Volodymyr Zelensky, a popular comedian until his shock election to the Ukrainian presidency this spring, is at the centre of a global scandal following a now notorious phone call with US leader Donald Trump.
In Kiev, opponents have lashed out against the "disaster" call but supporters say the transcript released this week showed Zelensky playing Trump to his own advantage.
During the conversation, Zelensky seemed to agree to Trump's request to probe his political rival Joe Biden -- which US Democrats have used to launch an impeachment process.
Zelensky also supported the US president's criticism of Kiev's European allies.
While Zelensky's critics say the transcript shows him to be inexperienced and weak in the face of a major power, analysts say the main political impact of the call will be felt in Washington rather than Kiev.
- 'Pathetic sycophant' -
Allies of former president Petro Poroshenko, who lost to Zelensky in an election in April, were quick to criticize the former entertainer.
"This is a disaster," Rostyslav Palvenko, an MP from Poroshenko's party, wrote on Facebook.
Another opposition MP, Volodymyr Ariev, said Zelensky "de-facto promising" Trump an investigation on his political rival risked trashing US bipartisan support for Kiev.
Many were alarmed by Zelensky's claim the Ukraine's next prosecutor would be "100 percent my person" and would be able to "look into" a case against Biden.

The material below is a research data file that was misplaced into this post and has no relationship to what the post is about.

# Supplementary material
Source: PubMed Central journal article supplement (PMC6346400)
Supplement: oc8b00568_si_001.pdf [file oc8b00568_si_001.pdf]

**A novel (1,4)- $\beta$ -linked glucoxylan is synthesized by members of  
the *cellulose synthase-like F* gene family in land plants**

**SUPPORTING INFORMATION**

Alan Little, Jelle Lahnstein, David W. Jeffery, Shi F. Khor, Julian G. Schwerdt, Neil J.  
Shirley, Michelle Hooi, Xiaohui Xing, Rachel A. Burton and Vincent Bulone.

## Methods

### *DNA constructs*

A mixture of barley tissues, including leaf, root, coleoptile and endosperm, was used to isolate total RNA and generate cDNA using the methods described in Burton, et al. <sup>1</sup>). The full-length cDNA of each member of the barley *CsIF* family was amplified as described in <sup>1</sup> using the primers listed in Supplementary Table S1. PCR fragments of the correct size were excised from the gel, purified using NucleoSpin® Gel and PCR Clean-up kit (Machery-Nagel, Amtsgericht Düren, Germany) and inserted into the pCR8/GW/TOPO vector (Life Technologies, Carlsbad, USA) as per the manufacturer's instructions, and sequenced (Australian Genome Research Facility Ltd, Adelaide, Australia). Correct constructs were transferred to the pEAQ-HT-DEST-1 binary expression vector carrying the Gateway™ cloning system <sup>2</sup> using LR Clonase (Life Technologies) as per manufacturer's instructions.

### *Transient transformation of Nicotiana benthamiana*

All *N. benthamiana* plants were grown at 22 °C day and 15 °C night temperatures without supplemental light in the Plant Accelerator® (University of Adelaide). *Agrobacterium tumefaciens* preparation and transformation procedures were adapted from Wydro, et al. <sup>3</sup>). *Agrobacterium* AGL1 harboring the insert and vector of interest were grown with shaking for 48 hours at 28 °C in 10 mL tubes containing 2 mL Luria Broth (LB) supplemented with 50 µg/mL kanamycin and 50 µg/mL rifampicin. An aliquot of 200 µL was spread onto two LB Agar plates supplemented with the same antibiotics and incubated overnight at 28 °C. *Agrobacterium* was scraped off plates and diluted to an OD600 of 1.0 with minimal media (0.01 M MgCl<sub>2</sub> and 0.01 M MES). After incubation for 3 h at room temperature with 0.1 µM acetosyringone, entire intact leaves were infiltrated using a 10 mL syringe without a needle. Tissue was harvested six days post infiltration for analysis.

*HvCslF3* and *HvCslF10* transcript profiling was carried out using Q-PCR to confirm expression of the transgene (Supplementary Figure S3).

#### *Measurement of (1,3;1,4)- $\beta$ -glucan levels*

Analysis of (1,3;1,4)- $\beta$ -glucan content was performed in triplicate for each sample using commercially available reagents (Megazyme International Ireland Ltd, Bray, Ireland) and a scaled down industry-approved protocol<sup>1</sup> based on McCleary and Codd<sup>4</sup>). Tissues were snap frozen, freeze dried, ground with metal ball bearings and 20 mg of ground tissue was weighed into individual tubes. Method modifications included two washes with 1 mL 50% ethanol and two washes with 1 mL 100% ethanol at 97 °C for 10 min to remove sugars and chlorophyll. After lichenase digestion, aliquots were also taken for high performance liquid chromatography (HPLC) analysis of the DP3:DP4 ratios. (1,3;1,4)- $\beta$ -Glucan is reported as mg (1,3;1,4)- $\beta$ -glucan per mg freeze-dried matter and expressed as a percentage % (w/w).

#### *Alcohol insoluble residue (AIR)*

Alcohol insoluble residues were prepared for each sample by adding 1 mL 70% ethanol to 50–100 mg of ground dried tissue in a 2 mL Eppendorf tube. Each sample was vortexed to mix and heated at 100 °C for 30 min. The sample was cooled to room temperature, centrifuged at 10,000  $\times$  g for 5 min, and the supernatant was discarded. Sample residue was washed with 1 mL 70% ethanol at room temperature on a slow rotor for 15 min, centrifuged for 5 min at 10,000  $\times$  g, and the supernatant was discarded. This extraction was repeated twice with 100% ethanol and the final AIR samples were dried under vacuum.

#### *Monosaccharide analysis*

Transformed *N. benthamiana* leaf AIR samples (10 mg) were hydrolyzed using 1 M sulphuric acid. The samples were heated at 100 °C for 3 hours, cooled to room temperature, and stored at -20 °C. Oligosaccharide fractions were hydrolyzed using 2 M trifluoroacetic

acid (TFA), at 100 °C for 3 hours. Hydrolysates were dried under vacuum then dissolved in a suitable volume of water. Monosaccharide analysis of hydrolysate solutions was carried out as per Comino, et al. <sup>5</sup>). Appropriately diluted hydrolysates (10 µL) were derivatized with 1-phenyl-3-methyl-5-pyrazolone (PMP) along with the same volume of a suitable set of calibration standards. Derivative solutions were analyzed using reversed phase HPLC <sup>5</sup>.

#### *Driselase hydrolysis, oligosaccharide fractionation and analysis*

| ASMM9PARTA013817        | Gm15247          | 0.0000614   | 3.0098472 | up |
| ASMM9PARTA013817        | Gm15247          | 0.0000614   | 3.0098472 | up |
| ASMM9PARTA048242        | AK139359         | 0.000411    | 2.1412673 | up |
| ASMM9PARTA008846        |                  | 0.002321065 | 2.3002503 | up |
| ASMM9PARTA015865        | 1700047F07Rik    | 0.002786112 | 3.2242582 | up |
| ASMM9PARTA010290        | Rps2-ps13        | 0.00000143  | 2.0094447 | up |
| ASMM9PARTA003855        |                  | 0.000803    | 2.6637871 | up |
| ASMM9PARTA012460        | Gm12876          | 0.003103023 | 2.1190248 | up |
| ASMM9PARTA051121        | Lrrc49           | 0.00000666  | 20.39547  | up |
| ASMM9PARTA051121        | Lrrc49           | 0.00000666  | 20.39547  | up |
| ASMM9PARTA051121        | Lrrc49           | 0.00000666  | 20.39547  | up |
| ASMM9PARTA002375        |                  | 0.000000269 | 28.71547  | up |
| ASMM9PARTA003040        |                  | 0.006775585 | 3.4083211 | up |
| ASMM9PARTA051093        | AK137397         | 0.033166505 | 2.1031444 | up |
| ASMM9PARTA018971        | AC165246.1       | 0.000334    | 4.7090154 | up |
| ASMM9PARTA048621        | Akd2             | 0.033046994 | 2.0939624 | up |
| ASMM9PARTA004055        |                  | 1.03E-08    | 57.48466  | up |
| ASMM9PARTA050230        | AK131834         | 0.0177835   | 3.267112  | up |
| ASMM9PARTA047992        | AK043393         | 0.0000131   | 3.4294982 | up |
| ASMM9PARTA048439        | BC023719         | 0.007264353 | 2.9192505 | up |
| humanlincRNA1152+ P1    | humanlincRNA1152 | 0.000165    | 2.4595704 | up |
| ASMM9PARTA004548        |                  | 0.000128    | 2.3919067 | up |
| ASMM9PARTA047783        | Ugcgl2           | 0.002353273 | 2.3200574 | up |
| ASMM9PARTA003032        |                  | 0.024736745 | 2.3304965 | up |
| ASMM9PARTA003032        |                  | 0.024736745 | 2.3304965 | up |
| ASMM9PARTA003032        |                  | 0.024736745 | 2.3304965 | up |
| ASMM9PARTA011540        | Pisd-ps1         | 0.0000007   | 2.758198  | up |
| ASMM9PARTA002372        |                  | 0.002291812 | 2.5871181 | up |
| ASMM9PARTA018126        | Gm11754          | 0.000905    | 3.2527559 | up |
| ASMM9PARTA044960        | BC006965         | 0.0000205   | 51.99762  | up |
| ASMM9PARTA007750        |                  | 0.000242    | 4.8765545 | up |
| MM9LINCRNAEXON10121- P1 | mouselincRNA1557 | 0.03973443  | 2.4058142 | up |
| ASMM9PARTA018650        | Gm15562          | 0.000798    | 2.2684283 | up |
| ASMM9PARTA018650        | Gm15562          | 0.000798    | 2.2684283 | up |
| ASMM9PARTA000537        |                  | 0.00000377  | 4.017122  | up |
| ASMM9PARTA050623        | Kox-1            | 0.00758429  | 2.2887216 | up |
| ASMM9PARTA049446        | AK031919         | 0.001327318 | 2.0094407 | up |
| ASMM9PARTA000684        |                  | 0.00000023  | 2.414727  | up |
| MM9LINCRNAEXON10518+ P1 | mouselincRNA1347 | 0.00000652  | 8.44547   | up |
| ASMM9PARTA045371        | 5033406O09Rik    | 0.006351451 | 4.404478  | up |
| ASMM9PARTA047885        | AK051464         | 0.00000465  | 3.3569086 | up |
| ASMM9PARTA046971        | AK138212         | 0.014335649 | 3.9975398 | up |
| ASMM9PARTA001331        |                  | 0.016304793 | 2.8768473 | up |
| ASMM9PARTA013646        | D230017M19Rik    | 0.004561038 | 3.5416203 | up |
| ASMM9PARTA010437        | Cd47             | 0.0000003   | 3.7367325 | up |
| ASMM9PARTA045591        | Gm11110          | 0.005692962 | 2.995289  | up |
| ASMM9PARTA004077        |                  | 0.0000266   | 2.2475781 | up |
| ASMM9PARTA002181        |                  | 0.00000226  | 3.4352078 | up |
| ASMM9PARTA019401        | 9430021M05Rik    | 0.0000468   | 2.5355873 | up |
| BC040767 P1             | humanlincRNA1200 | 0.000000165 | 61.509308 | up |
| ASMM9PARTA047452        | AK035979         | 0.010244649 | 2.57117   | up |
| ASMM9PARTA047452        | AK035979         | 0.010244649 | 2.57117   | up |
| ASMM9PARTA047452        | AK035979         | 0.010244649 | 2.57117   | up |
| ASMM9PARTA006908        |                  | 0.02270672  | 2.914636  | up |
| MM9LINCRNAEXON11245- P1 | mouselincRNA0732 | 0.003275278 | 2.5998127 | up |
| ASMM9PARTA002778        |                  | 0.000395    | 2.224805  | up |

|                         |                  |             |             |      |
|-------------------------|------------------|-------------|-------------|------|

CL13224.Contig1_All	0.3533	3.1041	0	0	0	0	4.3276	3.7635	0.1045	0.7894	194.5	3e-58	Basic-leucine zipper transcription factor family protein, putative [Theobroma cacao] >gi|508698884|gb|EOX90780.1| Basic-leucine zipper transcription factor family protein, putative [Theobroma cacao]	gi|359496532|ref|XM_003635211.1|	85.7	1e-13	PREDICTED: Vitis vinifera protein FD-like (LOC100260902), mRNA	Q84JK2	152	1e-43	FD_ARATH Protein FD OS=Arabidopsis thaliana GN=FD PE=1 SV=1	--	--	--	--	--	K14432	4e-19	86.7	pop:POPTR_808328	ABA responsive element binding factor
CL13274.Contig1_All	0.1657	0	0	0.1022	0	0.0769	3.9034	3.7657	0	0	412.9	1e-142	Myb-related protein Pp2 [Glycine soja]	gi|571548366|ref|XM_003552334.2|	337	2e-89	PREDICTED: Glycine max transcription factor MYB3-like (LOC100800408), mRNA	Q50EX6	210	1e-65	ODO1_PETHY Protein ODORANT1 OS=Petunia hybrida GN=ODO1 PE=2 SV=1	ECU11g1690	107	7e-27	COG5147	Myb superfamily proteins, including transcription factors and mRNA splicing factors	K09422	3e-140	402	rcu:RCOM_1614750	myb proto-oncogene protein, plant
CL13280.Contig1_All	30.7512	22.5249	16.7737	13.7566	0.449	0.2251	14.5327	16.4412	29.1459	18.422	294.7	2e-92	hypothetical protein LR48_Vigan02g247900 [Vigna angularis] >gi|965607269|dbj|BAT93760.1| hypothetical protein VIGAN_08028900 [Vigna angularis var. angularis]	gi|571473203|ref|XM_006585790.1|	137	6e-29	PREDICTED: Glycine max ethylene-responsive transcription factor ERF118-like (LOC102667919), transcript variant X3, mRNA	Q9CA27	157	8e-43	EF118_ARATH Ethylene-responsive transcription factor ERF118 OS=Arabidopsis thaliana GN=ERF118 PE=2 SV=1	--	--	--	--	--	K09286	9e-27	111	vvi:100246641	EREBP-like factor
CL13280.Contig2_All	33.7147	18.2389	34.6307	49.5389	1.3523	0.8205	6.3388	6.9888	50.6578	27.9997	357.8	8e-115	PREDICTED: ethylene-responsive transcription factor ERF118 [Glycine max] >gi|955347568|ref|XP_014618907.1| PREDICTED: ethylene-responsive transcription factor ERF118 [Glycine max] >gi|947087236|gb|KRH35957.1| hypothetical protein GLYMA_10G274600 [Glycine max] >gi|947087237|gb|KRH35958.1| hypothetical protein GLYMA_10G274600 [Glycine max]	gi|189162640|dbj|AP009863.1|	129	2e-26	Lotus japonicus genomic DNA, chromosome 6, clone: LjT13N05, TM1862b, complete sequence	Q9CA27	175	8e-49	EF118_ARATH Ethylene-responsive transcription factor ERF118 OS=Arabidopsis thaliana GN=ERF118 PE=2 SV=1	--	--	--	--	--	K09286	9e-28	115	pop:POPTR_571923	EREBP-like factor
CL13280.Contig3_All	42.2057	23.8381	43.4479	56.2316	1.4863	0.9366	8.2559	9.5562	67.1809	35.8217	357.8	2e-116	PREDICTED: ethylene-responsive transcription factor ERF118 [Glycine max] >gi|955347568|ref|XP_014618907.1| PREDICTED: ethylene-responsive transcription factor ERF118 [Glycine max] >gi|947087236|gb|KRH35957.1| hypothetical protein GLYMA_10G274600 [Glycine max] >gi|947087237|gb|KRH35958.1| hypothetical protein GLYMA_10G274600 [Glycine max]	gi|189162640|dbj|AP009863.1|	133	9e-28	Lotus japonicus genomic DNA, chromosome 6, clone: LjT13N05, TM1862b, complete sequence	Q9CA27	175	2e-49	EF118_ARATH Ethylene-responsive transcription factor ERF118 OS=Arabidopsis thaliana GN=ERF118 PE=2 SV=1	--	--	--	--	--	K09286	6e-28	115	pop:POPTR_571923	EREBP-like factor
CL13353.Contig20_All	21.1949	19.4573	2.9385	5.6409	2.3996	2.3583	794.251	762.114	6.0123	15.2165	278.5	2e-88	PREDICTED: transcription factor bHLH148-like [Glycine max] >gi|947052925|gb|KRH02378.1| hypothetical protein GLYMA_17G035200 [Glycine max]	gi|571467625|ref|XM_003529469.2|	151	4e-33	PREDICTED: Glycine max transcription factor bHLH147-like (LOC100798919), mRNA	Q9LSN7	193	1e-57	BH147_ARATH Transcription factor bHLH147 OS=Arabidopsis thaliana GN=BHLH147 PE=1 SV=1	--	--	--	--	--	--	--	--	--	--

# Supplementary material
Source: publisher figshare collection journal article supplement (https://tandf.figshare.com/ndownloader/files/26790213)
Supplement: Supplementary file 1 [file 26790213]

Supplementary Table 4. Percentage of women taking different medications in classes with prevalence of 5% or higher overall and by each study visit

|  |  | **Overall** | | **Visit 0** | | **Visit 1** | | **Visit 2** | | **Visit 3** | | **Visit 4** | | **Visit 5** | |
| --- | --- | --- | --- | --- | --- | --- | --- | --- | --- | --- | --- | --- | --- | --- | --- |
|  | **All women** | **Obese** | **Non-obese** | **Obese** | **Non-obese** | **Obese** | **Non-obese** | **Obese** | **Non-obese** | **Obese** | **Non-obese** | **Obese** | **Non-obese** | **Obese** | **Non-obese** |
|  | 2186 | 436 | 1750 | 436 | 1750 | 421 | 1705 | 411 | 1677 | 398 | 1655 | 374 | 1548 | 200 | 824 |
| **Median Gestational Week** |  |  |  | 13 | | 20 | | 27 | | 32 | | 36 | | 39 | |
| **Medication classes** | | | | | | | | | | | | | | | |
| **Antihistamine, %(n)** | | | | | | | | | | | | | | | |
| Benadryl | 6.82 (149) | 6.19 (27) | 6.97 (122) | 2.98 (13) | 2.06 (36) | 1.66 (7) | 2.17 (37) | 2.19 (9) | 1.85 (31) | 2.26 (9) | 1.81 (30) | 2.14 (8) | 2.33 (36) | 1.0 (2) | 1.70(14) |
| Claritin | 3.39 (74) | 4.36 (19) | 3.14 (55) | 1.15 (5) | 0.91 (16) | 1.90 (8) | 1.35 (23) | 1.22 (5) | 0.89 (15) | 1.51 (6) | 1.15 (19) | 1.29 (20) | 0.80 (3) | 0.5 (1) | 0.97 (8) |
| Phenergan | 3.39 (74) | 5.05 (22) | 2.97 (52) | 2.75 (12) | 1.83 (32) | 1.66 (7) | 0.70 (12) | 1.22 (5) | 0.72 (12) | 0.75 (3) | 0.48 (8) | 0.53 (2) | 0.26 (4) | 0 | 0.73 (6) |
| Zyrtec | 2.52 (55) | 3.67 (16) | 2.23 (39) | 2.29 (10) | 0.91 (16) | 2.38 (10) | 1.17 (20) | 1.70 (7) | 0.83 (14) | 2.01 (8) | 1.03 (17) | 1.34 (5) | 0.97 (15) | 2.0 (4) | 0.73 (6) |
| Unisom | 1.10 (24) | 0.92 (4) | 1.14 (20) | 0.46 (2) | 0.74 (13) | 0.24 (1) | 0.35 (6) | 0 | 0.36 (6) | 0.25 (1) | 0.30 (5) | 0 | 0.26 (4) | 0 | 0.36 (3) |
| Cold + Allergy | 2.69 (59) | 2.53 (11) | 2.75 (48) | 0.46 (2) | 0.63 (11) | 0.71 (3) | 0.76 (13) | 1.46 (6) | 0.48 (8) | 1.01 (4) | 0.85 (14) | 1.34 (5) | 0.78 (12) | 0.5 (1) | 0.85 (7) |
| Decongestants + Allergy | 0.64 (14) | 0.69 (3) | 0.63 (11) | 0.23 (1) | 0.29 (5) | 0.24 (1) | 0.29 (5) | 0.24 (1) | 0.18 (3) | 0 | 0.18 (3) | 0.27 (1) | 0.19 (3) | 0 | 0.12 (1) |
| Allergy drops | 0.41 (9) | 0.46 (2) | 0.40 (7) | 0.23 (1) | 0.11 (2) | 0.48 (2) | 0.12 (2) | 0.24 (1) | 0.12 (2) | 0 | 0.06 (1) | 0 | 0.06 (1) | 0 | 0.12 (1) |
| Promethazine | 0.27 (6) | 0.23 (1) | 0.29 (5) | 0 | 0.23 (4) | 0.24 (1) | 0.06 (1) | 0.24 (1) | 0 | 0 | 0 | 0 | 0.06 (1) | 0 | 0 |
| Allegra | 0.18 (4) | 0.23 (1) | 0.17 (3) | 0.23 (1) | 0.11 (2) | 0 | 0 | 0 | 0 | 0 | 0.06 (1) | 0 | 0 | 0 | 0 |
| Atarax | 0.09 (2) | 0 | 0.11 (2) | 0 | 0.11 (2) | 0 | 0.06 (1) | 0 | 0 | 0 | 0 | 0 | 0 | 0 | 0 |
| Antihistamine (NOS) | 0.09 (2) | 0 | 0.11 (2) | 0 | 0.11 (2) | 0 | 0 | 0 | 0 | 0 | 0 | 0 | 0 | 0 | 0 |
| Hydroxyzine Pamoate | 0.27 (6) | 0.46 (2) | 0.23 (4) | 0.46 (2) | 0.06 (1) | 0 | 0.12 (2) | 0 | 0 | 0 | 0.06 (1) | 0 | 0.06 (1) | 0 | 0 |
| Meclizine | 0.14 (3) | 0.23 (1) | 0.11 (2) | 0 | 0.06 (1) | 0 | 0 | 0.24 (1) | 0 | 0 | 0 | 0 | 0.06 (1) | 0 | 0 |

Opponents interpreted this as an ambition to control the judiciary.
The country's media and rights activists also criticized Zelensky for the language he used with the US leader.
"A pathetic sycophant in front of a more influential clown," activist Iryna Siedova wrote on Facebook.
- Agree '1000 percent' -
A high-ranking Ukrainian official speaking on condition of anonymity dismissed this criticism, saying the only part of the transcript "seriously problematic" for Zelensky were his comments on Kiev's EU allies.
After Trump told Zelensky that "Germany does almost nothing for you", Zelensky said he agreed with the US leader.
The comedian replied that he backed the US president "not only 100 percent, but actually 1,000 percent."
Along with Washington, France and Germany have been key supporters of Kiev as it fights a war in its east against Russian-backed separatists.
"How will we talk to France and Germany after this?" asked pro-Western ex-MP Victoria Voytsitska on Facebook.
Speaking in New York Thursday Zelensky said that he did not want to offend any of Kiev's allies but that "spoke the truth".
He explained that he was referring to the controversial Nord Stream 2 gas pipeline backed by Germany, which Kiev sees as a security threat.
The EU on Thursday defended the "unprecedented" backing it has given to Ukraine, with a spokesman calling it "the largest support package in the history of the EU."
- Lack of political experience -
Analysts said the phone call would have little domestic effect, while Zelensky's supporters said the ex-comedian managed to outsmart Trump.
"The story only has a foreign policy effect," said analyst Anatoliy Oktysyuk, even as it highlighted Zelensky's lack of political experience.
Ordinary Ukrainians said it was hard to tell whether the US leader pressured their president, and some believed it was Zelensky that was "playing" Trump.
"Zelensky knows what he's doing, he'll help Trump to keep his image and at the same time get something from him in exchange," Andriy, a biologist in his 30s, told AFP in central Kiev.
"I think Zelensky is clever and that's what he'll do."
Anatoly, a programmer, said it was important for the president to endear himself to Trump to secure support from Washington.
"But on the other hand he can lose support from other countries if he plays him too much," he said.
© 2019 AFP